“It’s so hard to get your head around this if you’re an antitrust person who’s used to dealing with the business world,” said Sarah Flanagan, vice president for government relations and policy development for the National Association of Independent Colleges and Universities. “It’s not necessarily the same dynamic in the higher-ed marketplace. Competition has probably led to higher prices.” (Flanagan’s organization includes most of the members of the 568 group, but she said she was not speaking on their behalf or addressing the allegations in the lawsuit.)
On that score, it’s interesting to look at research published last year by Ian Fillmore, an assistant professor of economics at Washington University in St. Louis. He examined how a broader group of 1,200 colleges and universities used the information they collected about family finances to allocate financial aid. He found that low-income students received only about 22 percent of the money the schools saved by giving less financial aid to rich students who didn’t need it. The other 78 percent of the money was kept by the schools to use as they saw fit. In an interview, Fillmore said: “That doesn’t sound bad if you think they will do wonderful things with their money. If you think they spend their dollars on something socially wasteful, it’s terrible.”
The class-action lawsuit is likely to cause protracted pain for the elite schools. To decide how much money to ask for, the litigants are probably going to seek extensive records of admissions and financial aid decisions. That could be embarrassing. As a first stab, the lawsuit estimates that the defendants “have overcharged over 170,000 financial-aid recipients by at least hundreds of millions of dollars.”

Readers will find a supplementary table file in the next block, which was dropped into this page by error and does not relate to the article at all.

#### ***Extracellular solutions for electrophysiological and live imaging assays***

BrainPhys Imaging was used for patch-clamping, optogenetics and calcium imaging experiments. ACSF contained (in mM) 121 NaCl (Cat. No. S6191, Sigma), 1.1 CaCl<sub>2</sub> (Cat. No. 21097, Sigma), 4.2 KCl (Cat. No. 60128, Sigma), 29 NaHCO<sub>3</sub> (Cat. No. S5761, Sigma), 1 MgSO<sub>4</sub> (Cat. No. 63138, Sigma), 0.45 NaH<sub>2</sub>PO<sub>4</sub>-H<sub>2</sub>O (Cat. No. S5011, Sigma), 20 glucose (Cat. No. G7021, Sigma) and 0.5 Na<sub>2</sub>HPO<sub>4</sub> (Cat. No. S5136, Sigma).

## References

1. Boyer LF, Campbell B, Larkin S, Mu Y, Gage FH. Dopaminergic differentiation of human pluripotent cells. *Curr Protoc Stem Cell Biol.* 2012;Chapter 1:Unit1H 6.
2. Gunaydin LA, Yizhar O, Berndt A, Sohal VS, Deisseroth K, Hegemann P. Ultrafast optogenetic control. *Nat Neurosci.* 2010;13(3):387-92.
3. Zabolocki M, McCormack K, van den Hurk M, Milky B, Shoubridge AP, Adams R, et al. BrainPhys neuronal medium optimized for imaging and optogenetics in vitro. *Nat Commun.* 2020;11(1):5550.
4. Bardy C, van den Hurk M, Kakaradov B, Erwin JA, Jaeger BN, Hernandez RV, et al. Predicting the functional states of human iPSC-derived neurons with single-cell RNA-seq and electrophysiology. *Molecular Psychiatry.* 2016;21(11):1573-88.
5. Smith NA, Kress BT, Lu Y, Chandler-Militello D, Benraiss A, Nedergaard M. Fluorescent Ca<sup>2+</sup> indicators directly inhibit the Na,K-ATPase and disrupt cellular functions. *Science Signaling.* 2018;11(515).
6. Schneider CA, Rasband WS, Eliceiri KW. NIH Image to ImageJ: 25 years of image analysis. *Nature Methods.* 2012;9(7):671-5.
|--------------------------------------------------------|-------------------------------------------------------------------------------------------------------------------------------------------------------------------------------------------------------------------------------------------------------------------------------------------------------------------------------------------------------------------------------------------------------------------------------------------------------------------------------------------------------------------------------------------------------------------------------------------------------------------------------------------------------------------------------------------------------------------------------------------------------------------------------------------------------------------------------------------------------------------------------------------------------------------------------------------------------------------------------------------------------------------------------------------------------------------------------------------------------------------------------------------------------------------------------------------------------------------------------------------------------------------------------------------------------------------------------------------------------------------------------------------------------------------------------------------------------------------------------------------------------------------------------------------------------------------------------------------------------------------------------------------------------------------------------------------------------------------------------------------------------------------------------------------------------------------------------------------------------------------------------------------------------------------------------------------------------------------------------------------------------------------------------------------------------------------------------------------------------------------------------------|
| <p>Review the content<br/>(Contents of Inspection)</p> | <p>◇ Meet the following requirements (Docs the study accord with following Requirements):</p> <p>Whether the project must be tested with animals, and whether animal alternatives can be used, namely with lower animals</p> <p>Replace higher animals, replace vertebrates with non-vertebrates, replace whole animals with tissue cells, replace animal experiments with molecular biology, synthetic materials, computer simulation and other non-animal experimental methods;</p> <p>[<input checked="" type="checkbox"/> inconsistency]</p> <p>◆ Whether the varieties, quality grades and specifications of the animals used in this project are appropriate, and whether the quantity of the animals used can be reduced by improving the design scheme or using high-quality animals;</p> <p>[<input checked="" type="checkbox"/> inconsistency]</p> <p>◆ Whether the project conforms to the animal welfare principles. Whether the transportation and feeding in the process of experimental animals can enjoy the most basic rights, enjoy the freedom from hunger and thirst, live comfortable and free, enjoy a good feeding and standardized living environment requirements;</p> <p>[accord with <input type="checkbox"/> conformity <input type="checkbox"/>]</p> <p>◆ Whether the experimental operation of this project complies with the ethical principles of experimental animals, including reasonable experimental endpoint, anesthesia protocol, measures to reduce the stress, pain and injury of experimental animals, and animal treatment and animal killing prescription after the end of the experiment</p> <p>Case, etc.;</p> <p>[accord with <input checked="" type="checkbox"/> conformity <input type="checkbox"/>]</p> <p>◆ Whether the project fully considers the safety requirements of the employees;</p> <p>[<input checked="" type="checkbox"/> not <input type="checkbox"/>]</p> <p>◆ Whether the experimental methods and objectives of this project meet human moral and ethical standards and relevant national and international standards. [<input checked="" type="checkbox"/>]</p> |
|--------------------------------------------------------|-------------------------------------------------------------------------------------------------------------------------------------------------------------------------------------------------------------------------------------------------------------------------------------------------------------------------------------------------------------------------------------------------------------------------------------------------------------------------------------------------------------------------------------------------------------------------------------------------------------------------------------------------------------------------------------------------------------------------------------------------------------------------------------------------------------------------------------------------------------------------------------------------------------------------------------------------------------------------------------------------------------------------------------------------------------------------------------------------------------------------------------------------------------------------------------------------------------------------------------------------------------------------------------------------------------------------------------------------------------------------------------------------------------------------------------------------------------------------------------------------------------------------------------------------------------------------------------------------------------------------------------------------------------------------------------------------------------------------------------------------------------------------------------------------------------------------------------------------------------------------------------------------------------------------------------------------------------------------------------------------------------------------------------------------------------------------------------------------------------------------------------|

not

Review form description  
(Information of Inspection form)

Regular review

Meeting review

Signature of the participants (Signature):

Beyond that, I’m having trouble imagining that Congress will want to renew the schools’ antitrust exemption past Sept. 30. In the early 1990s, the exemption could be construed as a reward to universities that chose to make their admissions decisions need-blind and a way of encouraging more universities to do the same. But elite colleges and universities have a harder time now arguing for special treatment. They are richer now than they were three decades ago, their tuition sticker prices have skyrocketed and they are increasingly mistrusted by conservatives. In 2019 only 33 percent of Republicans and Republican-leaning voters thought colleges and universities had a positive effect on “the way things are going in this country,” down from 53 percent who said so in 2012, according to a Pew Research Center survey. Among Democrats and people leaning toward the Democratic Party, the positive share held steady over the same period at 67 percent.
Personally I like these schools. I think they produce amazing research and education. I interview economics professors from the 568 group just about every week and I even attended one of the defendants (Go Big Red!). But I think the schools need to brace themselves for a world where they face the same antitrust scrutiny as anyone else. On that score, the issues are remarkably similar to those in the Supreme Court’s decision in June that the N.C.A.A. could not ban relatively modest payments to student-athletes. In that case as in this one, schools argued that competition would be ruinous. But is it?
The readers write
Free trade has been a punching bag for politicians and self-interested business folks forever, as you mention in your Monday newsletter. But its virtues are undoubtable. Just look at the growth in G.D.P. for everyone and how many nations have been lifted from poverty because of it. You can see the data in “Rhymes With Fighter,” my book on Clayton Yeutter, who liberalized trade in the 1980s and 1990s as U.S. trade representative and then as agriculture secretary. Strategic and vital industries — say, chips and the like — should probably be guarded. But I suspect these are exceptions.
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